How COVID-19 Led to a Deeper Conversation About Health Literacy
Posted by Daniel Davis on June 03, 2021 in categoryNews

Americans overwhelmingly turned to the Centers for Disease Control and Prevention (CDC) last year for guidance on how to navigate their way through the COVID-19 pandemic. But many found they were unable to understand the complex vocabulary and instructions included in the CDC coronavirus safety measures. 


The CDC broke its own guideline—one that both the American Medical Association (AMA) and the National Institutes of Health (NIH) try to maintain—to provide medical information in language that does not exceed the eighth-grade reading level (Mishra & Dexter, 2020). 


The language the CDC used to inform the public was at an 11th-grade reading level— three levels higher than promised (Hirsch, 2020). This discrepancy led to a national conversation about the importance of health literacy, particularly how information should be written so the majority of people in the U.S. can understand it.  


The Health Resources and Services Administration defines health literacy as “the degree to which individuals have the capacity to obtain, process, and understand basic health information needed to make appropriate health decisions” (Health Resources and Services Administration, 2019). The AMA has reported that around 89 million Americans, approximately 26 percent of the total U.S. population, do not possess this essential knowledge (Weiss, 2007).  


The elderly, minority populations, low-income communities, and medically underserved persons are particularly vulnerable (Health Resources and Services Administration, 2019). Immigrants and citizens whose first language is not English also struggle (Weiss, 2007). Reports reveal that 42 percent of those with limited health literacy skills do not understand basic instructions like not taking medications on an empty stomach, and up to 78 percent of this group misinterpret warnings on their prescription labels (Weiss, 2007). More pressing given the current pandemic, this group is not fully aware of, nor can they understand, concepts of basic diseases (Weiss, 2007). 


Low health literacy costs the U.S. health care system somewhere between $106 billion and $238 billion a year (National Library of Medicine). For fiscal and humanitarian reasons, proposals have been made to mend this issue. 


Even before COVID-19, the AMA offered six suggestions for how medical professionals could improve their communication with patients.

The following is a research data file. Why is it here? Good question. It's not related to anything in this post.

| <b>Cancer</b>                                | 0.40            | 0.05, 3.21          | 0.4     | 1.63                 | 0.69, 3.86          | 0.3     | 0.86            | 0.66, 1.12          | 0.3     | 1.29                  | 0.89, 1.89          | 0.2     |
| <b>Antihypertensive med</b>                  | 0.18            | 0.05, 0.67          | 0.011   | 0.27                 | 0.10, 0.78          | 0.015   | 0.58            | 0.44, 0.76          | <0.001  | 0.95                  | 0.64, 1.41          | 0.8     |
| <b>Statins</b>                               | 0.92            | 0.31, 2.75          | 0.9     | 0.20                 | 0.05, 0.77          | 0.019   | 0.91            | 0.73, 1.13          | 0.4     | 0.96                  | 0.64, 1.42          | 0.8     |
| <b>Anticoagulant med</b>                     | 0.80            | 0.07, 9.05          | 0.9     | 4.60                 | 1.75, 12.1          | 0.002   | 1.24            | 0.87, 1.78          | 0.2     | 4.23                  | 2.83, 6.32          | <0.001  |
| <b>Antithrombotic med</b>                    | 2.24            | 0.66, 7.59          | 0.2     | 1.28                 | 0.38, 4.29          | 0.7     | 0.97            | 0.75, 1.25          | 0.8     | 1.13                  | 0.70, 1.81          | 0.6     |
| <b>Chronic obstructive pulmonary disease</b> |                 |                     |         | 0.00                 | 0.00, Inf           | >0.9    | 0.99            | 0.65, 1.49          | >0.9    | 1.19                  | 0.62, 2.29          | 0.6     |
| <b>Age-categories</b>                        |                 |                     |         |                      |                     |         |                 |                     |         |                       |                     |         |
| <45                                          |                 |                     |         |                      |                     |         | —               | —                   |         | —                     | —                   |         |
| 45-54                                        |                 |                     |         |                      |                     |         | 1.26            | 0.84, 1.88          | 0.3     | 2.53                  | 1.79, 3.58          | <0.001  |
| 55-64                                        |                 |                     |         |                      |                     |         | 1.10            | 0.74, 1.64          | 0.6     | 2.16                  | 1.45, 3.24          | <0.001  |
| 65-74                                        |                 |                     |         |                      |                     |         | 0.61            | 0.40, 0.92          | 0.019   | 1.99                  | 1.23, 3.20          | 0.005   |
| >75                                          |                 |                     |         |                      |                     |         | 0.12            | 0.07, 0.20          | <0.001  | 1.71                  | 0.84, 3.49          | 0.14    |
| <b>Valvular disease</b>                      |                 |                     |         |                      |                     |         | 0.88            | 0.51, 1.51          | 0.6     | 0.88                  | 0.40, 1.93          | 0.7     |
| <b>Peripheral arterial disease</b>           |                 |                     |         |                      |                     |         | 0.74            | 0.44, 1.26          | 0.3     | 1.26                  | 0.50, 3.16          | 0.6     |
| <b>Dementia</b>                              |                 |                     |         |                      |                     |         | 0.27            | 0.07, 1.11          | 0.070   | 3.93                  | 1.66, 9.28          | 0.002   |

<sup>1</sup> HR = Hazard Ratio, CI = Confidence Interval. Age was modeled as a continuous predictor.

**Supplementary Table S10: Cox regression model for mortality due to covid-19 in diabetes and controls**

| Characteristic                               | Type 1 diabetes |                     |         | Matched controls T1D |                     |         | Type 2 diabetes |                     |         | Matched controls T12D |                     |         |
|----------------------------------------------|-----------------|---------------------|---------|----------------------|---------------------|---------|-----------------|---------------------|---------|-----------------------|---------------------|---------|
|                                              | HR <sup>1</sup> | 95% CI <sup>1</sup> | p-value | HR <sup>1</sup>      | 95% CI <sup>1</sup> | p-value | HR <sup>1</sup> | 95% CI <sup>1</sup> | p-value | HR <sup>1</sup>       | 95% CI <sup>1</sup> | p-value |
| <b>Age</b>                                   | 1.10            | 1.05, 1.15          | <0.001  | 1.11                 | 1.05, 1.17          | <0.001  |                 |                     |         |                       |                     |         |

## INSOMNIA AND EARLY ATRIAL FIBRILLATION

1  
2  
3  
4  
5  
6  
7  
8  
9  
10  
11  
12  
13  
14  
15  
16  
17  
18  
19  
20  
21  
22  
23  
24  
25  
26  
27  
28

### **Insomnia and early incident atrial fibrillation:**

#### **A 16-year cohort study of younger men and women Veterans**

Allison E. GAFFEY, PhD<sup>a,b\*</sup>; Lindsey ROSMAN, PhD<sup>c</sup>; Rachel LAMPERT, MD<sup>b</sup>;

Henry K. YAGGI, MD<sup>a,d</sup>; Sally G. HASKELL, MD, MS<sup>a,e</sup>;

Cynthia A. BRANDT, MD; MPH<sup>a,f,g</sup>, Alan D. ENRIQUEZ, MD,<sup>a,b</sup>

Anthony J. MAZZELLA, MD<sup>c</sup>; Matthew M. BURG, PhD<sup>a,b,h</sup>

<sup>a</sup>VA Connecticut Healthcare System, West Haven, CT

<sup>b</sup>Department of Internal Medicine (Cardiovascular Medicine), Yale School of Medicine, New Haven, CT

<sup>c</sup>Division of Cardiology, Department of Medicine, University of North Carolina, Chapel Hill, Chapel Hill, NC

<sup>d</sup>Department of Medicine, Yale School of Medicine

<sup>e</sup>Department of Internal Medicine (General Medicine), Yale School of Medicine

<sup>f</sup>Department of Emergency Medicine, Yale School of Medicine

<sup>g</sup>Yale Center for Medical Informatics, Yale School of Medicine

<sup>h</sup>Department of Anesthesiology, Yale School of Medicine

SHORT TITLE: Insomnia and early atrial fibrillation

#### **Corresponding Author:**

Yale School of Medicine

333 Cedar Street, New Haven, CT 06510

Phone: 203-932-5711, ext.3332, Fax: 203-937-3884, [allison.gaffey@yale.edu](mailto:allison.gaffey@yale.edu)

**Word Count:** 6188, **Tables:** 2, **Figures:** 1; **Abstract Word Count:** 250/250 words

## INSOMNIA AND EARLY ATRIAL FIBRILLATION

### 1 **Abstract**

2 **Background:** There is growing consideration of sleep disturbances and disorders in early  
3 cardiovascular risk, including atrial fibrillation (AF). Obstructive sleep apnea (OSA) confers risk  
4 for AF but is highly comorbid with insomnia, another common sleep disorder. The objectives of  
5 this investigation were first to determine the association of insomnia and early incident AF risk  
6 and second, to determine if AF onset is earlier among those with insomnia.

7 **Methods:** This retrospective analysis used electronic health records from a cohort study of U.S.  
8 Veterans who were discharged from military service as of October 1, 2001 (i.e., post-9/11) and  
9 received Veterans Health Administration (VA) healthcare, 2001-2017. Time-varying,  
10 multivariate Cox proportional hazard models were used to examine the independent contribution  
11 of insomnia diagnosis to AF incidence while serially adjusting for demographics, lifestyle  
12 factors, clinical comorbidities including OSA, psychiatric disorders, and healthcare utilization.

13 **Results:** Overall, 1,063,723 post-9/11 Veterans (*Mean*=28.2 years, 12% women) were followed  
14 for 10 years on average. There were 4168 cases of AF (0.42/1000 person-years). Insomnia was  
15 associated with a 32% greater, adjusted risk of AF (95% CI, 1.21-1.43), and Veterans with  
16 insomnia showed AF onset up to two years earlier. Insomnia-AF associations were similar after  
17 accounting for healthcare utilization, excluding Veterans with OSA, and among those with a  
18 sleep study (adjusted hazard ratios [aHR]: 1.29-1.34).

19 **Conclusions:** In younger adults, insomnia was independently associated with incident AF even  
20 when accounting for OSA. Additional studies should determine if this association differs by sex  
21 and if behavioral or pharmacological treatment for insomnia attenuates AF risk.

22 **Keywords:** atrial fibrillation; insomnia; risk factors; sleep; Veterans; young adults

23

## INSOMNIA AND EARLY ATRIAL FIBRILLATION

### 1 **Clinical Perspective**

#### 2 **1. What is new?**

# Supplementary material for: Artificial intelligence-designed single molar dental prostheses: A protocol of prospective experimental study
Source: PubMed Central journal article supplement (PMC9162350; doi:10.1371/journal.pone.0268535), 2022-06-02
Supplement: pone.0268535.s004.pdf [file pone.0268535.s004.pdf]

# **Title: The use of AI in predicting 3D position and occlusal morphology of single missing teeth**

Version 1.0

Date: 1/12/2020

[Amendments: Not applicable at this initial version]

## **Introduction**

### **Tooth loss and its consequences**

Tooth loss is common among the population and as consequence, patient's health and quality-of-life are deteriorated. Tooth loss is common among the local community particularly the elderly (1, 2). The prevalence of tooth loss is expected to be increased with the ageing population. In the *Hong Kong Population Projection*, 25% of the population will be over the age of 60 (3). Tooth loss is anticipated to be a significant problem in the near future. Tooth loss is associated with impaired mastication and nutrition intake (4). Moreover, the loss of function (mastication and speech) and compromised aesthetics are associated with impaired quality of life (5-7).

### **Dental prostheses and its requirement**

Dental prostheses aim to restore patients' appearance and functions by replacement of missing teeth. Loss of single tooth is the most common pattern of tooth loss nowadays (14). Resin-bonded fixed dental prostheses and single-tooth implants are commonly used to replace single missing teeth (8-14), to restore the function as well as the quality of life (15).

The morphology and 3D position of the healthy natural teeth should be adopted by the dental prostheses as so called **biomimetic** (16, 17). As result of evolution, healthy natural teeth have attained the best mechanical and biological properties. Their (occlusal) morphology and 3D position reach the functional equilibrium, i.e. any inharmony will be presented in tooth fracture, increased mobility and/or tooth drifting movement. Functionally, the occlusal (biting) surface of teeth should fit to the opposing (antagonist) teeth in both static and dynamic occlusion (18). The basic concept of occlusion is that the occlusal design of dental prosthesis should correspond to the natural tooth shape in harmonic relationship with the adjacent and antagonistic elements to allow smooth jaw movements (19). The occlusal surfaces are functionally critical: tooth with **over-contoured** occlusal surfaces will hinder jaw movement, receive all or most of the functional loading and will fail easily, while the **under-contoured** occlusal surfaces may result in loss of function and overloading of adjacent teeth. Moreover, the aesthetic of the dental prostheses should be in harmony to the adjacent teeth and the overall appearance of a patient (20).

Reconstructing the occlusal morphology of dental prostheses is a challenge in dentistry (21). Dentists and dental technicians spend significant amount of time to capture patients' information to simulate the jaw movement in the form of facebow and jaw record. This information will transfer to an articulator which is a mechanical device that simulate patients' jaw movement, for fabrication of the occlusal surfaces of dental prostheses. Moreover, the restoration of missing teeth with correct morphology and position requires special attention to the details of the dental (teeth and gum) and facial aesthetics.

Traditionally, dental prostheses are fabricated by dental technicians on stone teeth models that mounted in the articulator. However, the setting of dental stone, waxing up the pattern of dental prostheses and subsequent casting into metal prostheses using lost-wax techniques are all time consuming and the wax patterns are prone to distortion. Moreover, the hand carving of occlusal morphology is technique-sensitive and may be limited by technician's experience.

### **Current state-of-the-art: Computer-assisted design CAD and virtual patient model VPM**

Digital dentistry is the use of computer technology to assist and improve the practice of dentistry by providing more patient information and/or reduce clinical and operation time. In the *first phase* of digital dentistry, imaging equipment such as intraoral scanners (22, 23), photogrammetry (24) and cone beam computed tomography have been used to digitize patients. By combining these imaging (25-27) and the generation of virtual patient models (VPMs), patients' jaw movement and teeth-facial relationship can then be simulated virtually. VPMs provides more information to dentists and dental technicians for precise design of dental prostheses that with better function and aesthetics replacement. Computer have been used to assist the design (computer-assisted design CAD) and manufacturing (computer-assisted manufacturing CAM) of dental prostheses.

1. Slow down when speaking with patients. When done effectively, slower speaking increases a doctor’s time with a patient, will enrich the relationship between the two, and the care will become more patient-centered, leading to more understanding. 
  2. Don't use clinical language. The patient will be able to take part in health care decisions if they are using the same terminology as their doctor.  
  3. Use visuals to explain practices, as studies show images are more easily understood than spoken or written words (Weiss, 2007). 
  4. Limit the amount of information given to a patient at one time. Information should be repeated to ensure the patient retains it and used as a bridge to provide more information.  
  5. Use a teach-back technique. Ask patients to explain the information in their own words. 
  6. Encourage patients to ask questions. Doctors can do their best to relay important information to a patient, but they need the patient to express what they are not understanding or voice any concerns they might have.  

Confusion circulating public health information is not a uniquely American problem. Various international public health and government websites contain information presented at levels that exceed the American definition of the eighth-grade reading level. Even the World Health Organization has been found guilty of this. (Rodriguez, 2020).   


As states encourage their populations to get COVID vaccines, they should adopt some of the AMA’s suggestions by replacing terms like variant and symptomatic/asymptomatic with words more people understand. Additionally, images that show potential side effects or infographics detailing the strengths of the vaccine type might be a powerful step forward toward ensuring better comprehension of this critical information during the pandemic.  

Health Resources and Service Administration. (2019, August 13). Health literacy. Official website of the U.S. Health Resources and Services Administration.,to%20make%20appropriate%20health%20decisions  
Hirsch, D. (2020, August 21). Federal and state websites flunk COVID-19 reading-level review. Dartmouth News.  
National Library of Medicine. (2011). Health literacy. Network of the National Library of Medicine.,billion%20to%20%24238%20billion%20annually  
Rodriguez, A. (2020, August 18). Many Americans may not comprehend COVID-19 information as agencies fail to meet health literacy guidelines, study says. USA Today.  
Mishra, V., & Dexter, J. P. (2020, August 18). Readability of public health information on COVID-19 from international agencies and governments.  
Weiss, B. D. (2007). Health literacy and patient safety: help patients understand (2nd ed.). AMA Foundation.  


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